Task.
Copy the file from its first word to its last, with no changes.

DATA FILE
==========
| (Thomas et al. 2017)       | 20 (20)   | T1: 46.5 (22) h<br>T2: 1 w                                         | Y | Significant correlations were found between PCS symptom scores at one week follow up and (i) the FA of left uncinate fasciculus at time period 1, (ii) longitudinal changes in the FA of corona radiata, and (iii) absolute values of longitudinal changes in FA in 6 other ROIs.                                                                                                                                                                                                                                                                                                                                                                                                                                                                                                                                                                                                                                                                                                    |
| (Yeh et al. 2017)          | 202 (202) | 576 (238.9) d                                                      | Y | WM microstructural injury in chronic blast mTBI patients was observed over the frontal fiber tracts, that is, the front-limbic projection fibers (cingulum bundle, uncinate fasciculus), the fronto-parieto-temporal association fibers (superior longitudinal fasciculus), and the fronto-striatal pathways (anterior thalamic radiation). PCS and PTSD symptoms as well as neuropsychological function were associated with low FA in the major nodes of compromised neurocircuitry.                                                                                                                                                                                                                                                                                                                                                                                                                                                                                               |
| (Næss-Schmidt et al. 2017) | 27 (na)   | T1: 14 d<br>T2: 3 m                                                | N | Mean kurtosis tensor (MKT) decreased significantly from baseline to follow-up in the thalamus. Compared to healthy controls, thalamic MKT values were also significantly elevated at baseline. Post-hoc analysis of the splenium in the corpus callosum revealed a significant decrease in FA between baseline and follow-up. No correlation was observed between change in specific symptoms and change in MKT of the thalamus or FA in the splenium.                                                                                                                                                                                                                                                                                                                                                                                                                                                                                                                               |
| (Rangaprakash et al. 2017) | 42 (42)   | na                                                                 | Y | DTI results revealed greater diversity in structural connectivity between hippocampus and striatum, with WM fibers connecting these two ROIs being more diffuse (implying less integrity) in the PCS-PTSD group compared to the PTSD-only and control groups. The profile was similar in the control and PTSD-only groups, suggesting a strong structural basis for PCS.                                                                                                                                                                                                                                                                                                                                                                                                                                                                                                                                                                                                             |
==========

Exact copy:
| (Thomas et al. 2017)       | 20 (20)   | T1: 46.5 (22) h<br>T2: 1 w                                         | Y | Significant correlations were found between PCS symptom scores at one week follow up and (i) the FA of left uncinate fasciculus at time period 1, (ii) longitudinal changes in the FA of corona radiata, and (iii) absolute values of longitudinal changes in FA in 6 other ROIs.                                                                                                                                                                                                                                                                                                                                                                                                                                                                                                                                                                                                                                                                                                    |
| (Yeh et al. 2017)          | 202 (202) | 576 (238.9) d                                                      | Y | WM microstructural injury in chronic blast mTBI patients was observed over the frontal fiber tracts, that is, the front-limbic projection fibers (cingulum bundle, uncinate fasciculus), the fronto-parieto-temporal association fibers (superior longitudinal fasciculus), and the fronto-striatal pathways (anterior thalamic radiation). PCS and PTSD symptoms as well as neuropsychological function were associated with low FA in the major nodes of compromised neurocircuitry.                                                                                                                                                                                                                                                                                                                                                                                                                                                                                               |
| (Næss-Schmidt et al. 2017) | 27 (na)   | T1: 14 d<br>T2: 3 m                                                | N | Mean kurtosis tensor (MKT) decreased significantly from baseline to follow-up in the thalamus. Compared to healthy controls, thalamic MKT values were also significantly elevated at baseline. Post-hoc analysis of the splenium in the corpus callosum revealed a significant decrease in FA between baseline and follow-up. No correlation was observed between change in specific symptoms and change in MKT of the thalamus or FA in the splenium.                                                                                                                                                                                                                                                                                                                                                                                                                                                                                                                               |
| (Rangaprakash et al. 2017) | 42 (42)   | na                                                                 | Y | DTI results revealed greater diversity in structural connectivity between hippocampus and striatum, with WM fibers connecting these two ROIs being more diffuse (implying less integrity) in the PCS-PTSD group compared to the PTSD-only and control groups. The profile was similar in the control and PTSD-only groups, suggesting a strong structural basis for PCS.                                                                                                                                                                                                                                                                                                                                                                                                                                                                                                                                                                                                             |